Distribute the Surplus Tomato Seedlings

Reader Contribution by Charlyn Ellis
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Distribute the Surplus. The first, and easiest, principle of Permaculture. Keep what you need and send the rest off, into the community. Do it often enough, and someone else’s surplus comes back to you. We send off tomato seedlings in spring and figs in fall; last week, I walked by three flats of strawberry plants looking for a new home. I took one.

Every year, I plant eight to ten times the number of tomato plants that we need to fill our barrels. I like variety and I like reading seed catalogs, and it is really hard to plant four seeds of each type of tomato, so I plant two seeds in each six-pack, grow out whatever germinates, pot them up in four inch pots, and give sixty to seventy away on a sunny April afternoon. We keep one or two of each variety, set to the side in a flat labeled “OUR PLANTS.”   (I learned my lesson after giving away our carefully chosen plants one year.) All of my gardening friends stop by, hunker down, and consider their own needs and space limitations.

I choose the varieties carefully. Even after setting plants out in the sheltered southern corner of the yard, in large black nursery pots, we have a limited window of warm weather. I do not grow anything that takes longer than eighty days to ripen. That cuts out many of the southern heirlooms, but opens up a world of northern, Russian varieties. I also choose carefully for snacking purposes; we need several plants to line the bike path to the back yard, so we can munch when we come home from work. Then I consider color, because I will dry several types and mix them together in canning jars. Yellow and orange and red together create a beautiful rainbow of tomato chips on a winter afternoon.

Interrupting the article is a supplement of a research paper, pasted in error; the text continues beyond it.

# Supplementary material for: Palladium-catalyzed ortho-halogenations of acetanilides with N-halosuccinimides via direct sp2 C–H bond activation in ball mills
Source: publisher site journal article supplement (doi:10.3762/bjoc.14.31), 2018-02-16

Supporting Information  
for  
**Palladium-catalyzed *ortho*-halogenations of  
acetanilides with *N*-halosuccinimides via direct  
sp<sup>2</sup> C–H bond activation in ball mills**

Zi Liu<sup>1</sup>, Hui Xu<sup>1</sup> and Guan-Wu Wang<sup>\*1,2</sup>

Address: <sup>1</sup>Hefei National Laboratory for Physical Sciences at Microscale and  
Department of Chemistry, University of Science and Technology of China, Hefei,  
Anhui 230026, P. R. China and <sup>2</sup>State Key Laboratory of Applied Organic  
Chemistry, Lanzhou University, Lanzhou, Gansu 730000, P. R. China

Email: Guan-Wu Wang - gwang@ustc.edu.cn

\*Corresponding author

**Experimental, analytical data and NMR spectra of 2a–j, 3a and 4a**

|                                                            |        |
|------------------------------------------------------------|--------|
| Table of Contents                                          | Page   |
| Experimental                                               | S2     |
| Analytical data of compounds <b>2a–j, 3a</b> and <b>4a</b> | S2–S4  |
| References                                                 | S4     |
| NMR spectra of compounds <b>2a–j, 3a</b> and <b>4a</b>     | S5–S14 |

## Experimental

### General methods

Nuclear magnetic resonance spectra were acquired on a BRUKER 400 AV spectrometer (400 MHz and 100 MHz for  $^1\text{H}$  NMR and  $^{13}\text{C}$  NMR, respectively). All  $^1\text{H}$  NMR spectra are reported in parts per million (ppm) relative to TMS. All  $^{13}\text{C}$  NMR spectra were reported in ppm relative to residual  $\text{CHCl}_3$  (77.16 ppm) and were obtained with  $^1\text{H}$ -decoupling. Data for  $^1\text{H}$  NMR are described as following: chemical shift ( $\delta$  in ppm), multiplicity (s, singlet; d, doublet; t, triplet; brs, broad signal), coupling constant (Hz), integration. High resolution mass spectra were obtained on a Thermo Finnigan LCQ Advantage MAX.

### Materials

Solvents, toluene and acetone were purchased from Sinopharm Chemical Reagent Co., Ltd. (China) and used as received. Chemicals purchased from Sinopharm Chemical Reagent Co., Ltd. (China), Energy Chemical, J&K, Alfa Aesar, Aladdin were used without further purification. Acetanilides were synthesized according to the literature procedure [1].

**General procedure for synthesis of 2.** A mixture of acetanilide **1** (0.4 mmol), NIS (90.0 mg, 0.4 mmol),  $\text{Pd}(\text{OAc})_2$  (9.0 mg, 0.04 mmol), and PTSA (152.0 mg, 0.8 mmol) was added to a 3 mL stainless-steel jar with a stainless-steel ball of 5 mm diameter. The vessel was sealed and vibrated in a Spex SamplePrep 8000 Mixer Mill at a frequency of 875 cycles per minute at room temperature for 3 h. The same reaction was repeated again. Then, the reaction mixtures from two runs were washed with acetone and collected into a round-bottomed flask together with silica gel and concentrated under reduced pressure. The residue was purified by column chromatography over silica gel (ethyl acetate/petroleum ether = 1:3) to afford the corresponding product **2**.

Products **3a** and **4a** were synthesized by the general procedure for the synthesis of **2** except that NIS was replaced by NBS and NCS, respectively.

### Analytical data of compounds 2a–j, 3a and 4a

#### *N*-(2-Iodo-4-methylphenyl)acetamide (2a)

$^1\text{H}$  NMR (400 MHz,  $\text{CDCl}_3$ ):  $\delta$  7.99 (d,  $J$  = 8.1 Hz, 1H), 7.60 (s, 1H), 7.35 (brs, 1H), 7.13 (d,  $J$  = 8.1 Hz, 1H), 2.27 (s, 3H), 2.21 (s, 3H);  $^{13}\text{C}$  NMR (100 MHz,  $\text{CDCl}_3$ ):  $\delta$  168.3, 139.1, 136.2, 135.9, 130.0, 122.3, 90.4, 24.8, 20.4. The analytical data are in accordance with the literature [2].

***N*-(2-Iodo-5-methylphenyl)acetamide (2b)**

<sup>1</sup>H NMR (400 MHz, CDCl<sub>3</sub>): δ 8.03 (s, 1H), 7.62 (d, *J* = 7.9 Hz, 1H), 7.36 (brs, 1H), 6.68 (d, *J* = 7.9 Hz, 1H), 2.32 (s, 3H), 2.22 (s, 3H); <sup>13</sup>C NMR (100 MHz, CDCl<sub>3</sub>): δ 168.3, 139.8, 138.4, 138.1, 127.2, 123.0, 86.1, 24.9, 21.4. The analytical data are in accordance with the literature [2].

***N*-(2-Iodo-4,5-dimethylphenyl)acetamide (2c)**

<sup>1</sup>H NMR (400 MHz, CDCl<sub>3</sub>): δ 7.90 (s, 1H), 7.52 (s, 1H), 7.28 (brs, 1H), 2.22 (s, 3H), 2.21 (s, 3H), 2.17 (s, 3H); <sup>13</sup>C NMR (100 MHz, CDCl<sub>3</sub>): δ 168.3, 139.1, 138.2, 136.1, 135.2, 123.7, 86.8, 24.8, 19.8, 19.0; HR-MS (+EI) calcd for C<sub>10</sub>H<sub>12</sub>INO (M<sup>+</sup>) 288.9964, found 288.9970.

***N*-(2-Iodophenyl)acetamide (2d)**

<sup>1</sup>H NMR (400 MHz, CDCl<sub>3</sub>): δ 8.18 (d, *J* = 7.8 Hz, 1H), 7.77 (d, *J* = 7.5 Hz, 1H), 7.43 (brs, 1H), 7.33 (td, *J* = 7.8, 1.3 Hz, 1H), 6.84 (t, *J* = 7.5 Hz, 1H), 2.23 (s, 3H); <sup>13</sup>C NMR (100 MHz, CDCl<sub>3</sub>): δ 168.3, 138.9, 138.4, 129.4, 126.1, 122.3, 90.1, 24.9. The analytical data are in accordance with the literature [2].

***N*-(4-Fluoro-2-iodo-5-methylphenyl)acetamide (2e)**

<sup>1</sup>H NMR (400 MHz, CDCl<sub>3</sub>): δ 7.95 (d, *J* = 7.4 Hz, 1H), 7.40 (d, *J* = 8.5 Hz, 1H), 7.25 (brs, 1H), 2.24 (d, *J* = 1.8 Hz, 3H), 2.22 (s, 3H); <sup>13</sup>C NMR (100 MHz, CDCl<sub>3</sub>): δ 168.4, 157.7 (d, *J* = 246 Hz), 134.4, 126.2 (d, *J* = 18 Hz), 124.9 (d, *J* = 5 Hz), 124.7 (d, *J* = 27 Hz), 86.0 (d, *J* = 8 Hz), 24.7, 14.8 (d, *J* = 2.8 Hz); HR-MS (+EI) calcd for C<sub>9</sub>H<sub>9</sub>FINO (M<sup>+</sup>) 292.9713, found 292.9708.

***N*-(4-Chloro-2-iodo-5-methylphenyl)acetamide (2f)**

This year’s line up:

• Peacevine — A small red cherry bred by Alan Kapluar, right down the street. Very tasty, very healthful, very prolific.
• Sungold — The small golden globe of tomatoes. Prolific and sweet. A summer sauce of sungolds and fresh basil is amazing!
• Green Grape — Slightly larger, green and gold when ripe. A lovely complex flavor for snacks.
• Lemon Plum — Plum sized and shaped, this tomato is not exciting fresh, but amazing dried. Really livens up the dried fruit shelf.
• Japanese Triffele Black — A large, complex tomato, black and green and red when sliced. This one never made it into jars as we ate it every day in tomato sandwiches. It is not real prolific, but it is tasty.
• Amish Paste — Every year, it seems, I look for the solid red canner. This is this year’s experiment.
• Longkeepers — These tomatoes turn pink in September, but keep in the basement until February, still tasty. I pick them before the rains, spread them in garden flats, and leave them downstairs.

In a few weeks, on a bright Friday afternoon, the Tomato Give-away will commence. Once again, I will send the small plants out into the world, four to six at a time, tucked into car trucks, strapped in bike baskets, carried away by hand. And, in time, the surplus will return home.

To read more about the Twenty First Street Urban Homestead, check out myblog. To see more of Julia Lont’s amazing artwork, go to Julia’s website and Blue Camas Press.

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